Quebec, Highway 138, Tadoussac, and Sainte Anne-de-Beaupre, August 15, 2008

17 02 2011

Folk Art of Quebec

Cafe in Tadoussac

Under the circumstances, the highway along the north shore of the St. Lawrence river seemed very civilised to us, but in reality it is charmingly under-developed and provincial. Coming out of the gray, buggy summer of Labrador, the sun was extra soothing and the bushy tall trees were majestically luscious. Of course, we had seen the south shore when we toured the Gaspe Peninsula, and this area had much in common to that. It was more heavily populated but we still got to see interesting folk art and a refreshing lack of national chain stores.

The Boogie Bus Goes for a Ride

Tadoussac is a tidy little town famous for whale watching. It’s one of those spots where one side of the highway is linked to the other side by a ferry, so we stopped there for lunch, at a nice cafe called Le Boheme. We both had espresso—-espresso!—and tasty panini sandwiches.
The ferry ride was sunny, crowded and short. We had a date that night in Quebec City with some friends, so we didn’t dawdle along highway 138. At one point, I had to pee, and instead of stopping the van I just pulled the chemical toilet from under the bench seat and did my business. Our safety habits had really changed after living in the van for 3 months, when we would stop on the side of the road and unbelt just to get something from the back.

Shops by the Basilica

By the time we got to Beaupre we figured we were ahead of schedule, so we stopped in to see the famous shrine of Sainte Anne-de-Beaupre. I had never heard of this place (which just goes to show how generally clueless I am—it’s one of the biggest tourist attractions of Quebec), but Step had visited there on a high school field trip.

Miracles

Miracles

Sainte Anne is the patron saint of Quebec who is known for miraculous cures, and the modern day basilica that is her shrine is a destination point for pilgrims who seek to be cured of some ailment or affliction. I really enjoyed the area for it’s ’50’s modernist aesthetic, and the streets surrounding the shrine are full of shops selling religious trinkets. I found the whole place mind blowing in the same kind of gaudy, plastic style that I enjoyed in Niagara Falls. The shrine itself is more dignified. When you walk in, there are a couple of pillars in the entrance which are covered in crutches, prosthetics, and braces that the healed had been able to cast off after their personal healing miracles. We picked up a pamphlet from a selection of many entitled “Why Chose Marriage” [sic]. There were also candles you could light, or for a couple of bucks you could buy a candle in a Chinese food take out box thing on a stick. The use for this because apparent after dark, when the miracle seekers that attended the service lit them and had a little parade around the statue of Sainte Anne in front of the shrine.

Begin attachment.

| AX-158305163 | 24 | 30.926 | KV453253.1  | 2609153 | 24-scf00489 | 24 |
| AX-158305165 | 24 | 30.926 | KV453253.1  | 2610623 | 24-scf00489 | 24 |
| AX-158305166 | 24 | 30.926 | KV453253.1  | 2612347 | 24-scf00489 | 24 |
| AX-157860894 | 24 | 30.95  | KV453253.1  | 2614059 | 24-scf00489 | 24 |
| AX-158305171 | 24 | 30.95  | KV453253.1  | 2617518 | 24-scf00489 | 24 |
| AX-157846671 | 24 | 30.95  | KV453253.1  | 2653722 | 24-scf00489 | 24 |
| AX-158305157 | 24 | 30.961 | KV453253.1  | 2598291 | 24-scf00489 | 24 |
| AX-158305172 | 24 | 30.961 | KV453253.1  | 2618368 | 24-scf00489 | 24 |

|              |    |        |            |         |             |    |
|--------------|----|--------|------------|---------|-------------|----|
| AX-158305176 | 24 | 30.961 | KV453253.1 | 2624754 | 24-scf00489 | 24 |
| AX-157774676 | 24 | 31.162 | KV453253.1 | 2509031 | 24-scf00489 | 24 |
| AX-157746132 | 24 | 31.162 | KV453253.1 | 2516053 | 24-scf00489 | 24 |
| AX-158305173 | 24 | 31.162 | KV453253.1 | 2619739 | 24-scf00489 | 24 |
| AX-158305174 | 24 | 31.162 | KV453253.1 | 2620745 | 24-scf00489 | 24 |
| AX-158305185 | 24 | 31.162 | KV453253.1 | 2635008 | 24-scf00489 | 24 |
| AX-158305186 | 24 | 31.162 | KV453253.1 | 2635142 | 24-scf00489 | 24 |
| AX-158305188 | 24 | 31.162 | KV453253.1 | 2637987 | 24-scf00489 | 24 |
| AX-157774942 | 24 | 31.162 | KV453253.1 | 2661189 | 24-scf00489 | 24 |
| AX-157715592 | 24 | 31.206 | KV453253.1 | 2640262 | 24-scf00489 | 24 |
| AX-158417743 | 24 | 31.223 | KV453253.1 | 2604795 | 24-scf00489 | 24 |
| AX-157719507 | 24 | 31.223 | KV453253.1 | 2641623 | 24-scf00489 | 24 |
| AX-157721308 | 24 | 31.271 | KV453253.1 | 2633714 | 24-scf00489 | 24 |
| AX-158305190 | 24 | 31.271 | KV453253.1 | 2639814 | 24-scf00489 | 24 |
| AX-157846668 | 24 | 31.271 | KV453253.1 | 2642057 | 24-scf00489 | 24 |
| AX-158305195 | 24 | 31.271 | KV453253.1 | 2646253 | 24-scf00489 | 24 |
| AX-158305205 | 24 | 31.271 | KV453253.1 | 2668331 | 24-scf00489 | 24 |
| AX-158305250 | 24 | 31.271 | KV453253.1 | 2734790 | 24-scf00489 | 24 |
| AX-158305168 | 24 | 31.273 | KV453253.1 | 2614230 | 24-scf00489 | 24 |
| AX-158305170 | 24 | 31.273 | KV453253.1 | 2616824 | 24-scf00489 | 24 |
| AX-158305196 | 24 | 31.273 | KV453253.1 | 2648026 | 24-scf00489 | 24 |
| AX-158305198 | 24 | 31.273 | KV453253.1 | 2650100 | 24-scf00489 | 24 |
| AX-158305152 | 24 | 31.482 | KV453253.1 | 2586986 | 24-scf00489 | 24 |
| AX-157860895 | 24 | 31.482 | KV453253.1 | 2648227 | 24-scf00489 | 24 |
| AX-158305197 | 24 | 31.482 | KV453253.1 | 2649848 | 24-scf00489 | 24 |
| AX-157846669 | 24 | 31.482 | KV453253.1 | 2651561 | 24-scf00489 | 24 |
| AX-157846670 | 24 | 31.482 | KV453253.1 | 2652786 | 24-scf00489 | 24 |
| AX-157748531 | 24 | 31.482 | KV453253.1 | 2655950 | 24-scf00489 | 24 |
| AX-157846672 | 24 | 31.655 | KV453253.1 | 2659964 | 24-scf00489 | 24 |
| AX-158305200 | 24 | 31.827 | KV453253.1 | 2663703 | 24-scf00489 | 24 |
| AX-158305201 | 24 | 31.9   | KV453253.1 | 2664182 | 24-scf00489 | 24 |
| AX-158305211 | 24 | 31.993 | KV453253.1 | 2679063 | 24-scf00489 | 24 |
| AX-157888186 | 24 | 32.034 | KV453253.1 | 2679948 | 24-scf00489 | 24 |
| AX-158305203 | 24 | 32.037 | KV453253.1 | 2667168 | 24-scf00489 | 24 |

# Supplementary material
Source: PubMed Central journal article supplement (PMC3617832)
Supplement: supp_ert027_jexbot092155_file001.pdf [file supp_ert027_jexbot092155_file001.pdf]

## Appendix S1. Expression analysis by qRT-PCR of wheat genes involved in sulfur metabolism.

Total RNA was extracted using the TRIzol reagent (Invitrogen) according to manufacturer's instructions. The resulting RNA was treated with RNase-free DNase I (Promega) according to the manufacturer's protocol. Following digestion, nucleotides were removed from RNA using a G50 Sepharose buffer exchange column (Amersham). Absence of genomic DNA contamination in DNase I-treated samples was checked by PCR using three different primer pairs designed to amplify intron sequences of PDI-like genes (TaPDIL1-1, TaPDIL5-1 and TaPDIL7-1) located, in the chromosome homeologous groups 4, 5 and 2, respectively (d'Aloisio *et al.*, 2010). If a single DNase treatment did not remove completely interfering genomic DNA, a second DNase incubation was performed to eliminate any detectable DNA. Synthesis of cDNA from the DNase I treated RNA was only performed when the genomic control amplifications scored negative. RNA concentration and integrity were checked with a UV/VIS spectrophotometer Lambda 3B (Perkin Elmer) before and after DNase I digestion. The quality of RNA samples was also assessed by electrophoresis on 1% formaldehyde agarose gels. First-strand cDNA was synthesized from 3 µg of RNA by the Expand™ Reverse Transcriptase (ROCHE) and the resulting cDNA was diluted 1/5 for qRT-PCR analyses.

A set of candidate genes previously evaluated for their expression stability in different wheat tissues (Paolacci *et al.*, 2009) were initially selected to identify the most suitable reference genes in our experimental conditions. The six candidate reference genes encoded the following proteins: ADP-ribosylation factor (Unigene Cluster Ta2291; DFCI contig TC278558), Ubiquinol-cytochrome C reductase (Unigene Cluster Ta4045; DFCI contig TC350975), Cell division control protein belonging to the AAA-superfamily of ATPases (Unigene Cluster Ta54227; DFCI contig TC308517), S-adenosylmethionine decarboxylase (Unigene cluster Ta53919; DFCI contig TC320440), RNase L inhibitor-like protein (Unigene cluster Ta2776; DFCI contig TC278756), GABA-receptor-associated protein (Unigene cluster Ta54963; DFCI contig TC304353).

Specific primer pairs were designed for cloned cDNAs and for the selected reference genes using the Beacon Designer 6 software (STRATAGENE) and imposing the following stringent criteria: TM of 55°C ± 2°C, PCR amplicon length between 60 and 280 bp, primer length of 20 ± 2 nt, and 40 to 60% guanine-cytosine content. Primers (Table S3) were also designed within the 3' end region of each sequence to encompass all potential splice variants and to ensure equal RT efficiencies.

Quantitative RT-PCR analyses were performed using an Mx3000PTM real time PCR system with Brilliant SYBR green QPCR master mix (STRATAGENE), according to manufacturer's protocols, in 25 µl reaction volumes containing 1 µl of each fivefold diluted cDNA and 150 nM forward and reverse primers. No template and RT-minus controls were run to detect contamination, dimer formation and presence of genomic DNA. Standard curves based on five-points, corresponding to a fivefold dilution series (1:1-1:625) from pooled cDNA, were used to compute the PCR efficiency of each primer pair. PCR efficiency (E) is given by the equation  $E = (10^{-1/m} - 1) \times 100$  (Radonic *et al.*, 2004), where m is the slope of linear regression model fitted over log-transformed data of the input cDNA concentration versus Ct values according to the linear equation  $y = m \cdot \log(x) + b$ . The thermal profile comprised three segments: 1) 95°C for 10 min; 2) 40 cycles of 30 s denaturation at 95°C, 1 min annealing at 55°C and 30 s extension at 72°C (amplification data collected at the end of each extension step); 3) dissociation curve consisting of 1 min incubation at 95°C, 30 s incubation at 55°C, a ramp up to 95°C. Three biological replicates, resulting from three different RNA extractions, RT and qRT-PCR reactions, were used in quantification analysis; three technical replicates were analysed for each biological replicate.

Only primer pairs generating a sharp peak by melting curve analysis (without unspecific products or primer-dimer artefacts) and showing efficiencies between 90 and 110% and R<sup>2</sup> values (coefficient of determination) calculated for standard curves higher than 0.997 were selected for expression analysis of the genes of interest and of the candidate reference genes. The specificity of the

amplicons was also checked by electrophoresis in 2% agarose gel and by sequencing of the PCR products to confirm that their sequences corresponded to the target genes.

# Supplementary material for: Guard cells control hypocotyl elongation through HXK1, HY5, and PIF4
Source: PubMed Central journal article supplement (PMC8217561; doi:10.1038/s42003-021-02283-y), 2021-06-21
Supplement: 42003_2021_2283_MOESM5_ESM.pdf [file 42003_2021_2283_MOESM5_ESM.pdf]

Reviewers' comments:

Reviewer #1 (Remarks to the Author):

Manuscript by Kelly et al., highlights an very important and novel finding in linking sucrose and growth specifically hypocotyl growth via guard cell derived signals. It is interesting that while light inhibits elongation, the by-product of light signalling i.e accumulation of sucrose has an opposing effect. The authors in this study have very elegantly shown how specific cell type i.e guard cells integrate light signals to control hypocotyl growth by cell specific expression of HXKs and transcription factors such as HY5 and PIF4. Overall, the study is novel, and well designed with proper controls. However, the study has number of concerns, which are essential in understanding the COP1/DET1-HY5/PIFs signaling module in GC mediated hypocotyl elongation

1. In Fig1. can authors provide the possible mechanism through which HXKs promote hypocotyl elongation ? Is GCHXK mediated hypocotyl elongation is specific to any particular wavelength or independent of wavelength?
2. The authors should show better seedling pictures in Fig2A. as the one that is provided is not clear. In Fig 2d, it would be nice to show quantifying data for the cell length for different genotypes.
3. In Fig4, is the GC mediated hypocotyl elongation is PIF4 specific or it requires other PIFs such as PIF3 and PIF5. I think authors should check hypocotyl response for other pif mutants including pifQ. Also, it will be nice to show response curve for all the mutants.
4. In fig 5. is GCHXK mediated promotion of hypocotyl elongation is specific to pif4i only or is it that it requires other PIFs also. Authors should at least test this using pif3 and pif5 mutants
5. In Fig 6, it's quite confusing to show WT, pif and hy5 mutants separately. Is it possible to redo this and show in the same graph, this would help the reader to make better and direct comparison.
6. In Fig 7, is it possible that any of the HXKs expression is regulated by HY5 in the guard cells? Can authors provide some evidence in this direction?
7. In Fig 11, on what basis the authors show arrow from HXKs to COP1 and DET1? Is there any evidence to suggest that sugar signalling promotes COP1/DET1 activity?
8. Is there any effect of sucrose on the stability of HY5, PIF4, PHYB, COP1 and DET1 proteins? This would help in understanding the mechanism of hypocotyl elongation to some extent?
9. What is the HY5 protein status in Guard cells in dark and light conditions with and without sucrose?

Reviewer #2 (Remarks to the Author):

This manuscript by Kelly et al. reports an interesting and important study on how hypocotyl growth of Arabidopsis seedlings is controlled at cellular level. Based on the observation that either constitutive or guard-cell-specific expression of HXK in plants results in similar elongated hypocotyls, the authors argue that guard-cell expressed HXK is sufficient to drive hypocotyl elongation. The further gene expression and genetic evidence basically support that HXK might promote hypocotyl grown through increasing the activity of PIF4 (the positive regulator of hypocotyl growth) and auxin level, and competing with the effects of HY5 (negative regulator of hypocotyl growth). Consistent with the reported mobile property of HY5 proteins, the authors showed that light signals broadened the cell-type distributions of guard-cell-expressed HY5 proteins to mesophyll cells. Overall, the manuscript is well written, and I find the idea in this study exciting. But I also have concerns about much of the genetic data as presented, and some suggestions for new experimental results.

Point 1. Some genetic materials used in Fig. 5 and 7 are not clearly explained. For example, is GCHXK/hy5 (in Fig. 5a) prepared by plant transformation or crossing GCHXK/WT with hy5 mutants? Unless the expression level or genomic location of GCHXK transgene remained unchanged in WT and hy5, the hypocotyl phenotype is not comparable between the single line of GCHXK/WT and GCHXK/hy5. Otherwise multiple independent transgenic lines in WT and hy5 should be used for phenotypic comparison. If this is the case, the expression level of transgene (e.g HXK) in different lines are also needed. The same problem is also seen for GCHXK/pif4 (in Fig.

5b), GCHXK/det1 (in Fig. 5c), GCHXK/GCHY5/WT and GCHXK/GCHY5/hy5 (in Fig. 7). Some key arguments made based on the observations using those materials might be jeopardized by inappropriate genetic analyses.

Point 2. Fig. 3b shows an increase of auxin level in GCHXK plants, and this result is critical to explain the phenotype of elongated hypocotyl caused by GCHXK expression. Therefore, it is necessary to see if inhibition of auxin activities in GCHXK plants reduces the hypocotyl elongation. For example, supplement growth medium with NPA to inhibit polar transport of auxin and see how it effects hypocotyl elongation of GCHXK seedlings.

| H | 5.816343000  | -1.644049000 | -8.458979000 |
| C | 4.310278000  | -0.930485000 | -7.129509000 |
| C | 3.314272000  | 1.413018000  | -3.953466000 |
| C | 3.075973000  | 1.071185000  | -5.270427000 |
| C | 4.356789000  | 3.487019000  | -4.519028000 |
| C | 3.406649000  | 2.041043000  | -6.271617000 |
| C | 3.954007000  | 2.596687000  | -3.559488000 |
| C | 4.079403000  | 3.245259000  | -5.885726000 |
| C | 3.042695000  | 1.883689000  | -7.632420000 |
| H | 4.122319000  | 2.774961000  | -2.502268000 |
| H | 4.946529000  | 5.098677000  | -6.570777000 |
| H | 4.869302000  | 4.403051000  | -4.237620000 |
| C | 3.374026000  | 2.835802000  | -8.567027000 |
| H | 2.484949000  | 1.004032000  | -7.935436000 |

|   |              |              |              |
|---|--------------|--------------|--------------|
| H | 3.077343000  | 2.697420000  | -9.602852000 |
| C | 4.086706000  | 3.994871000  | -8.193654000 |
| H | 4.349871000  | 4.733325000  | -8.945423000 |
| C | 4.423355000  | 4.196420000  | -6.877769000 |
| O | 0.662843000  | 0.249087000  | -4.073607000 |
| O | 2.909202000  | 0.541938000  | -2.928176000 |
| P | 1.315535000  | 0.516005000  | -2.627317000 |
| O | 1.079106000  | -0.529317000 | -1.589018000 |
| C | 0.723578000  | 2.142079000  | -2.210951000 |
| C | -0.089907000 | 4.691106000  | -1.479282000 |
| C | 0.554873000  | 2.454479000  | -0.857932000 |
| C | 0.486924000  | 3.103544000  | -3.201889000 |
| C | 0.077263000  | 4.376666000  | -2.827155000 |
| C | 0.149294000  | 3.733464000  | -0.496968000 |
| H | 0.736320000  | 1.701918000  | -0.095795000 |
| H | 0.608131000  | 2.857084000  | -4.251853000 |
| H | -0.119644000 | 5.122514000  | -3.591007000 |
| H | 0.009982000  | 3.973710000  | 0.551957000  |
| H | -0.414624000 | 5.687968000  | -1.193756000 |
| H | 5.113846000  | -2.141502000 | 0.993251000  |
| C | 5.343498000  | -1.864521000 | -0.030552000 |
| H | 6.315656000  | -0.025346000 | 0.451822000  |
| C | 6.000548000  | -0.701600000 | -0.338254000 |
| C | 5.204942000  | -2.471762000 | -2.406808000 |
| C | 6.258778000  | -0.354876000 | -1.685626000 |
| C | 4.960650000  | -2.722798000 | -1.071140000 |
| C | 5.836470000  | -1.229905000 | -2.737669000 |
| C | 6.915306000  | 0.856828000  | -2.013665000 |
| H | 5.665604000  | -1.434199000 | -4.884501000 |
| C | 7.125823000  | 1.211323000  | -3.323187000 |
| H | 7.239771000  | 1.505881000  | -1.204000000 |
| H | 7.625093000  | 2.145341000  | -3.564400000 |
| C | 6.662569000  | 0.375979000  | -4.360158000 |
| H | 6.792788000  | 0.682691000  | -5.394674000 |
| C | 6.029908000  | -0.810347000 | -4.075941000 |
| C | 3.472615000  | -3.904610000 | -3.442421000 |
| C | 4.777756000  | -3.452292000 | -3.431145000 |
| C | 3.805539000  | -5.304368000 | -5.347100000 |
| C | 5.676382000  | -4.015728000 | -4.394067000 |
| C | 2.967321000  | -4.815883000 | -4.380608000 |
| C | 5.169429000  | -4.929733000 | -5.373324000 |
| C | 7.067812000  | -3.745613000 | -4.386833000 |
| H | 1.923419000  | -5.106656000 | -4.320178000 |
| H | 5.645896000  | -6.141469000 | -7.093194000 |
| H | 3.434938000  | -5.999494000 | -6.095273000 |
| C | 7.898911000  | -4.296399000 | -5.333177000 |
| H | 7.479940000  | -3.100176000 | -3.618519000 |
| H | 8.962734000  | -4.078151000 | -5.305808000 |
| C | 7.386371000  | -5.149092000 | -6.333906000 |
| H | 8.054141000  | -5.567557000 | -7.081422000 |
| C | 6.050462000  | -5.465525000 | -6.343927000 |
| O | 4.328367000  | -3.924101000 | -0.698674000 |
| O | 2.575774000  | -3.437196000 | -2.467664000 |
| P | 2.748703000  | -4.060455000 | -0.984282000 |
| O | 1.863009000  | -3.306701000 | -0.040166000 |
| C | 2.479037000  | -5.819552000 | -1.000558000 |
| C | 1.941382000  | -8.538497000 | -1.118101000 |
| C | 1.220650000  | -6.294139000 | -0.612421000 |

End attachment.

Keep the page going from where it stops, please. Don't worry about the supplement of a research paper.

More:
Seeking Divine Intervention

Fortunately for me and the interested, I didn’t notice the sign asking you not to take pictures inside until after I had taken a bunch (I really didn’t mean any disrespect—I had been distracted by all the sights. Sorry Sainte Anne and possible God). I don’t think it was because they don’t want people to see, it was more to not distract the service attendees. Our camera is pretty good so at least it was quiet and I didn’t use the flash.

Sacred Statue of Sainte Anne

Why Chose Marriage?

I watched part of the service while Step made phone calls in the van. Some of the people were in wheelchairs and the like. As an agnostic, I wasn’t sure what to think. On one hand it seemed sort of snake oily, but on the other hand I do believe in the bodies ability to heal and if this was the conduit, who am I to judge? No one experienced any immediate miracles when I was there. I spent the second part of the service wandering around the grounds and then I got a couple pictures of the parade.

It was only 30 kilometres from there to Quebec City, and we made it with time to spare.

Religious Souvenirs, Anyone?

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